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Rachel Corrie case stirs fresh pain and hope

As family of activist killed by an Israeli bulldozer sues in an Israeli court, memories resurface.

HAIFA, Israel — Shortly before Rachel Corrie was crushed to death by an Israeli bulldozer on March 16, 2003, she said in a video interview that she marveled at Palestinians’ ability to “hold onto their humanity as much as they have.”

Seven years later, Corrie’s friends in the Gaza Strip are planning a remembrance ceremony in her honor. They are also following news of the civil court trial under way in Israel; they hope the Israeli military is found liable for Rachel’s death and that the case challenges what they consider to be a policy of impunity toward Israeli soldiers.

Corrie was 23 when she arrived in the Gaza Strip in 2003 as part of the International Solidarity Movement (ISM), which places foreign volunteers in high-conflict zones to monitor human rights abuses and which uses non-violent methods to resist Israeli military actions, such as attempting to interrupt the construction of the West Bank barrier and blocking army vehicles. 

Although events surrounding Corrie's death are still disputed, she was killed by a bulldozer operated by the Israel Defense Forces while seeking to defend a Palestinian home from demolition. The house was located in an area near the Egyptian border that sometimes hosted entrances to tunnels used to smuggle weapons, including supplies for unguided rockets launched into civilian areas of southern Israel.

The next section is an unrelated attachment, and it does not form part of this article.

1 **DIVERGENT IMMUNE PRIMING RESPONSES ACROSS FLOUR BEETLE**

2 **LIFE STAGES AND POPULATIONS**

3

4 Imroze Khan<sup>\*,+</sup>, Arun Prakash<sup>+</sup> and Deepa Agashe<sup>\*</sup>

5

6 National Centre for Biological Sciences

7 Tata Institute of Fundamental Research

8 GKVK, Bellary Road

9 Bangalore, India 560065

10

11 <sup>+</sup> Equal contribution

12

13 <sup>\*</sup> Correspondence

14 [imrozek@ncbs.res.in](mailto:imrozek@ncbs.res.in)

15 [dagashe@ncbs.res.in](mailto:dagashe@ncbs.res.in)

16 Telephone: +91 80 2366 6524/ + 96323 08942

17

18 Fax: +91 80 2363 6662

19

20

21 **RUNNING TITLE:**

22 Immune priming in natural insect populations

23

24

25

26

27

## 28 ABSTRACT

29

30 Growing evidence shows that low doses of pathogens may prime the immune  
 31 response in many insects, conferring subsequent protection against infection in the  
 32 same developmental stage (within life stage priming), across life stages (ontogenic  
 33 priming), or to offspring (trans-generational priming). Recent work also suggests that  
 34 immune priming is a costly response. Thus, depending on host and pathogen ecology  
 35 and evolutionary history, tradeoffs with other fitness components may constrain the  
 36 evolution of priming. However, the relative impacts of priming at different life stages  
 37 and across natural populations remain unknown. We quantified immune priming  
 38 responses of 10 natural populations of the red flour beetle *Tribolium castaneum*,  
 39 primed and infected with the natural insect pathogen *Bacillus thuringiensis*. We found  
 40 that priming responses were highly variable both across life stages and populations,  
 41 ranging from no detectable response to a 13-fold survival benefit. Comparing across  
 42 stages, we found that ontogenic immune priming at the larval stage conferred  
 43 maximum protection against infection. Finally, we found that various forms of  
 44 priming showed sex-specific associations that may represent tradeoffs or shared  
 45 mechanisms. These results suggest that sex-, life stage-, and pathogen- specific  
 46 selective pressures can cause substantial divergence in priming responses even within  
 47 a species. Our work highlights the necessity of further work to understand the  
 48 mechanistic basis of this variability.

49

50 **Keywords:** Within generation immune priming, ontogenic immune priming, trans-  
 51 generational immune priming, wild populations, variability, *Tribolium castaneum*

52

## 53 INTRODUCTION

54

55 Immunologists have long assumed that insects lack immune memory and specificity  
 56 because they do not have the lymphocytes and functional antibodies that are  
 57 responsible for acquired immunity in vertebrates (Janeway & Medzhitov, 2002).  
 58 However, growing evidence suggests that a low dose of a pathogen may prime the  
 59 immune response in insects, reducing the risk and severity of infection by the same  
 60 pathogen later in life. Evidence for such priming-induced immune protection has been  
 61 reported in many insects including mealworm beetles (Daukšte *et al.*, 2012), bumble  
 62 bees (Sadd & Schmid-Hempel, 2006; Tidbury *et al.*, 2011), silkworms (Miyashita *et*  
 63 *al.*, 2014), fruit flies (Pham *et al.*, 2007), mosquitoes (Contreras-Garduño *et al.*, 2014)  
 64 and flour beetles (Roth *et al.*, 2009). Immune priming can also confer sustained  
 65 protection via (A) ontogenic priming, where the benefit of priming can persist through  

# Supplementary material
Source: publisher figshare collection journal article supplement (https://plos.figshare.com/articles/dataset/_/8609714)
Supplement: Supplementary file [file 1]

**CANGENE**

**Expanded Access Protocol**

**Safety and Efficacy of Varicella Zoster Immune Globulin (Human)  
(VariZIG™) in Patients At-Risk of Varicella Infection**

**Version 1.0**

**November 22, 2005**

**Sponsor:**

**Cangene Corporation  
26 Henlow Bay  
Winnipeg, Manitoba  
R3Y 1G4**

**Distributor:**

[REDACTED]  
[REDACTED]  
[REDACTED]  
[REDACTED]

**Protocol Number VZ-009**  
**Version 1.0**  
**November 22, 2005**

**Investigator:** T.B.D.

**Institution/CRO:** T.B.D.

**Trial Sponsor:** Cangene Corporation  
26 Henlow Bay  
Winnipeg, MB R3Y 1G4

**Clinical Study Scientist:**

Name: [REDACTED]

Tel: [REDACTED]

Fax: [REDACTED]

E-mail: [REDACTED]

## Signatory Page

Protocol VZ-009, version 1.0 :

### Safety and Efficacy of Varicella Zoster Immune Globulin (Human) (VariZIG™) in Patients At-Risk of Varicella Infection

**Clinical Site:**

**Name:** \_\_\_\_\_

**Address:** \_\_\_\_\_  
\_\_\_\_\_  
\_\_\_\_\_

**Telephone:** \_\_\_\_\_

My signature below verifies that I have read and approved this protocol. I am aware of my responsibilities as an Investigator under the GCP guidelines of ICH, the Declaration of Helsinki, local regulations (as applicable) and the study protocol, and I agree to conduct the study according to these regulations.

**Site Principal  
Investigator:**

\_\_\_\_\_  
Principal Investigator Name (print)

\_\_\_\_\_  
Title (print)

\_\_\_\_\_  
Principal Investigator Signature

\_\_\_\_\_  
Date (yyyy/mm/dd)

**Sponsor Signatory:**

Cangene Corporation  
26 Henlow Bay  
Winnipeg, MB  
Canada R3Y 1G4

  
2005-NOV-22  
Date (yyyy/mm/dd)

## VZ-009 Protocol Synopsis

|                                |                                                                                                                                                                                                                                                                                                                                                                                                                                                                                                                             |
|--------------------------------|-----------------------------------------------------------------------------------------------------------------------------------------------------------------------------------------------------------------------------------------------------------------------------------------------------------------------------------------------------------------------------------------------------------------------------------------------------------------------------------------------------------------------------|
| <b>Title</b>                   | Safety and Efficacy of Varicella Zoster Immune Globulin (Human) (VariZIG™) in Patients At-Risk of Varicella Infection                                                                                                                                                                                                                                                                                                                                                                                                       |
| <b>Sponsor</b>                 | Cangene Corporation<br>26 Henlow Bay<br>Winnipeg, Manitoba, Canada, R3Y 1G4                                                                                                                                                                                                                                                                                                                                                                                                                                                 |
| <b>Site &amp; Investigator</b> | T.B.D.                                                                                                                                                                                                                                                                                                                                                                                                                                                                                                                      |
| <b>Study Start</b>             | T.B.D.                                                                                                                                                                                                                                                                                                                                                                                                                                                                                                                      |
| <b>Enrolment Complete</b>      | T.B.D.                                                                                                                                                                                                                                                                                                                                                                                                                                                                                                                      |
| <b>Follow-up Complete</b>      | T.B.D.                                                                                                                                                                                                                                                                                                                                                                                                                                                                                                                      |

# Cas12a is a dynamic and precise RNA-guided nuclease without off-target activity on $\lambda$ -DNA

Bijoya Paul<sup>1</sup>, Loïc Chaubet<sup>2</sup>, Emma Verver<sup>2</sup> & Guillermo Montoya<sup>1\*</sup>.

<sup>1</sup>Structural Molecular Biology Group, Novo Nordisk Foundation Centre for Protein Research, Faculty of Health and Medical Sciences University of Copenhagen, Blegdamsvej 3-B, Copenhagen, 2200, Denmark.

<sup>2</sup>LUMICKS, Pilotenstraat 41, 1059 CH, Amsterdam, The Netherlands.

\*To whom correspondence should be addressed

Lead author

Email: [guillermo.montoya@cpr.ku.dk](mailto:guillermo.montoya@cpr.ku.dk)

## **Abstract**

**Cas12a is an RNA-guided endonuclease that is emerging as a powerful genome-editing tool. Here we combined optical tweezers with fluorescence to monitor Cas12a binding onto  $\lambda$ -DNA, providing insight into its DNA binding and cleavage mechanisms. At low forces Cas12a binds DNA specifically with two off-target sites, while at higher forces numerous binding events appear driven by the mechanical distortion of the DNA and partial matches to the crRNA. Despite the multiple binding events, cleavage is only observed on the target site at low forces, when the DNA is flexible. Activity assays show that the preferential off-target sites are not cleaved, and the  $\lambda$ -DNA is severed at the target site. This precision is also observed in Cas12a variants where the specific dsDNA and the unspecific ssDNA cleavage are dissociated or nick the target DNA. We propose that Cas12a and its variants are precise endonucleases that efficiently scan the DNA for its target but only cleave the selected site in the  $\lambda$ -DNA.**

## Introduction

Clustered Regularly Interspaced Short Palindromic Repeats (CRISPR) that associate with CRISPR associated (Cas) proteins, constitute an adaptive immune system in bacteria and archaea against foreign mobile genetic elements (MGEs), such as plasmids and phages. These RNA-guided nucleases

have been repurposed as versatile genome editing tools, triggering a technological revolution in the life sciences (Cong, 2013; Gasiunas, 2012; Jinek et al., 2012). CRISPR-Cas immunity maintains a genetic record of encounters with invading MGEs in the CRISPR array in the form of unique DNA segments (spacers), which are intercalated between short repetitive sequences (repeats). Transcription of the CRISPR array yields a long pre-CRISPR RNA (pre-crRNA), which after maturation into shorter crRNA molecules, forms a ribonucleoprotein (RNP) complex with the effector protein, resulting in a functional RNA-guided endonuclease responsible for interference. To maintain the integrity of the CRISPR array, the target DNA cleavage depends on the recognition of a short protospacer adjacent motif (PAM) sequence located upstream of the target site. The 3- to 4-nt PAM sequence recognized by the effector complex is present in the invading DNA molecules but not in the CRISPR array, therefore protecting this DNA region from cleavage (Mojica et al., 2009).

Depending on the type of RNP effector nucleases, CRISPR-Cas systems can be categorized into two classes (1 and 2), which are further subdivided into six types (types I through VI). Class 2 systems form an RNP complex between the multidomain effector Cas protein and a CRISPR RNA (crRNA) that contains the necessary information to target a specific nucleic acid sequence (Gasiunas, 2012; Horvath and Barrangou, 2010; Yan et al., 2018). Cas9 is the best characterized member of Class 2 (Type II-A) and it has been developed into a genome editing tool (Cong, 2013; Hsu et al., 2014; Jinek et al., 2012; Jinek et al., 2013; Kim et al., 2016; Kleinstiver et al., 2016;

Five years ago, the Corrie family initiated legal proceedings in an effort to hold the Israeli military liable for Rachel’s death. The family is seeking at least $300,000 in damages.

Israel's State Prosecutor's Office has appealed to the Haifa District Court to dismiss outright the civil suit on the basis that the bulldozer driver said he did not see her, and the Israel Defense Forces had ruled her death an accident.

Khaled Nasrallah, 40, lived in the home that Rachel died defending.

“Rachel really changed our fundamental ideas,” Nasrallah said. “Sometimes we believed that Western people were fully supporting the Israeli side and did not have feelings for us ... . [My family] didn’t do anything against any party, but the Israeli Defense Forces gave the innocent and the guilty the same treatment. I hope the trial will give hope to the next generation.”

Palestinian Anees Mansour, 28, joined the work of Corrie and her fellow activists because he felt "they were doing something good — they were fighting the occupation by peaceful ways." He held back tears as he recalls running to the hospital and viewing Rachel’s body in disbelief. “This is the life here," he whispered. "She is still in our hearts. I call the day she was killed the black day."

A month after Corrie's death, Mansour was just three feet away when a British member of ISM, Tom Hurndall, was killed by an Israeli Defense Forces sniper while trying to rescue children caught in gunfire. The soldier was convicted of manslaughter and obstruction of justice and sentenced to eight years in prison, which he is currently serving. The soldier told the military tribunal that the Israeli army "fires freely in Rafah."